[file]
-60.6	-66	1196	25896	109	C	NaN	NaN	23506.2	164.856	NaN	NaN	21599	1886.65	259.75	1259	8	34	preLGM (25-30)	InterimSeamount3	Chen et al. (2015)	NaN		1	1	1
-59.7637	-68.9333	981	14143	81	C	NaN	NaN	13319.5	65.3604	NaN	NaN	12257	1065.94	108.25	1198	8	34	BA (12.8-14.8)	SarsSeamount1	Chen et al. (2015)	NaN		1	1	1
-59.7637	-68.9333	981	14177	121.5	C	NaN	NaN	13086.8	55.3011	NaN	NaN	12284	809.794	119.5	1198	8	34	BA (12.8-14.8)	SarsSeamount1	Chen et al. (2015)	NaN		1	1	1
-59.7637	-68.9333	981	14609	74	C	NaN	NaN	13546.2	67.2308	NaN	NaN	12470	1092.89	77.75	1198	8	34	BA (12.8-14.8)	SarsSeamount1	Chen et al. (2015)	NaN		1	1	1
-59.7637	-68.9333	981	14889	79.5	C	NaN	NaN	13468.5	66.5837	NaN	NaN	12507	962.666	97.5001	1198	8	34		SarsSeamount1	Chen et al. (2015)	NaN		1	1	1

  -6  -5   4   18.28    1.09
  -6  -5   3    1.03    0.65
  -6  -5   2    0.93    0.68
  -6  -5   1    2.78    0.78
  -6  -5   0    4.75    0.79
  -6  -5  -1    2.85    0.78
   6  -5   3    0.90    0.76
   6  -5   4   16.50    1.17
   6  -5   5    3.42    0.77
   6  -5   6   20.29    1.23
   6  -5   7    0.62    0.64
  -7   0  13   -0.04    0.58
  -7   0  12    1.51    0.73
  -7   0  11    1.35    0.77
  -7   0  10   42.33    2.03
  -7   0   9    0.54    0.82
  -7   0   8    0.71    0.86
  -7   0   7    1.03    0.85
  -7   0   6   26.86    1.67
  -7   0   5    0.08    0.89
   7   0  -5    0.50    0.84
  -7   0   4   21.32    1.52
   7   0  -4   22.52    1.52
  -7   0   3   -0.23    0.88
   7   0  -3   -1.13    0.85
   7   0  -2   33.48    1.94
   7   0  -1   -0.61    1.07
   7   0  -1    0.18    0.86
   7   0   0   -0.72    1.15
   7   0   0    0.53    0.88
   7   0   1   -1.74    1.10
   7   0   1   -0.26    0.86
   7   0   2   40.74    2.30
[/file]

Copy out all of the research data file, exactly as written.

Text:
-60.6	-66	1196	25896	109	C	NaN	NaN	23506.2	164.856	NaN	NaN	21599	1886.65	259.75	1259	8	34	preLGM (25-30)	InterimSeamount3	Chen et al. (2015)	NaN		1	1	1
-59.7637	-68.9333	981	14143	81	C	NaN	NaN	13319.5	65.3604	NaN	NaN	12257	1065.94	108.25	1198	8	34	BA (12.8-14.8)	SarsSeamount1	Chen et al. (2015)	NaN		1	1	1
-59.7637	-68.9333	981	14177	121.5	C	NaN	NaN	13086.8	55.3011	NaN	NaN	12284	809.794	119.5	1198	8	34	BA (12.8-14.8)	SarsSeamount1	Chen et al. (2015)	NaN		1	1	1
-59.7637	-68.9333	981	14609	74	C	NaN	NaN	13546.2	67.2308	NaN	NaN	12470	1092.89	77.75	1198	8	34	BA (12.8-14.8)	SarsSeamount1	Chen et al. (2015)	NaN		1	1	1
-59.7637	-68.9333	981	14889	79.5	C	NaN	NaN	13468.5	66.5837	NaN	NaN	12507	962.666	97.5001	1198	8	34		SarsSeamount1	Chen et al. (2015)	NaN		1	1	1

  -6  -5   4   18.28    1.09
  -6  -5   3    1.03    0.65
  -6  -5   2    0.93    0.68
  -6  -5   1    2.78    0.78
  -6  -5   0    4.75    0.79
  -6  -5  -1    2.85    0.78
   6  -5   3    0.90    0.76
   6  -5   4   16.50    1.17
   6  -5   5    3.42    0.77
   6  -5   6   20.29    1.23
   6  -5   7    0.62    0.64
  -7   0  13   -0.04    0.58
  -7   0  12    1.51    0.73
  -7   0  11    1.35    0.77
  -7   0  10   42.33    2.03
  -7   0   9    0.54    0.82
  -7   0   8    0.71    0.86
  -7   0   7    1.03    0.85
  -7   0   6   26.86    1.67
  -7   0   5    0.08    0.89
   7   0  -5    0.50    0.84
  -7   0   4   21.32    1.52
   7   0  -4   22.52    1.52
  -7   0   3   -0.23    0.88
   7   0  -3   -1.13    0.85
   7   0  -2   33.48    1.94
   7   0  -1   -0.61    1.07
   7   0  -1    0.18    0.86
   7   0   0   -0.72    1.15
   7   0   0    0.53    0.88
   7   0   1   -1.74    1.10
   7   0   1   -0.26    0.86
   7   0   2   40.74    2.30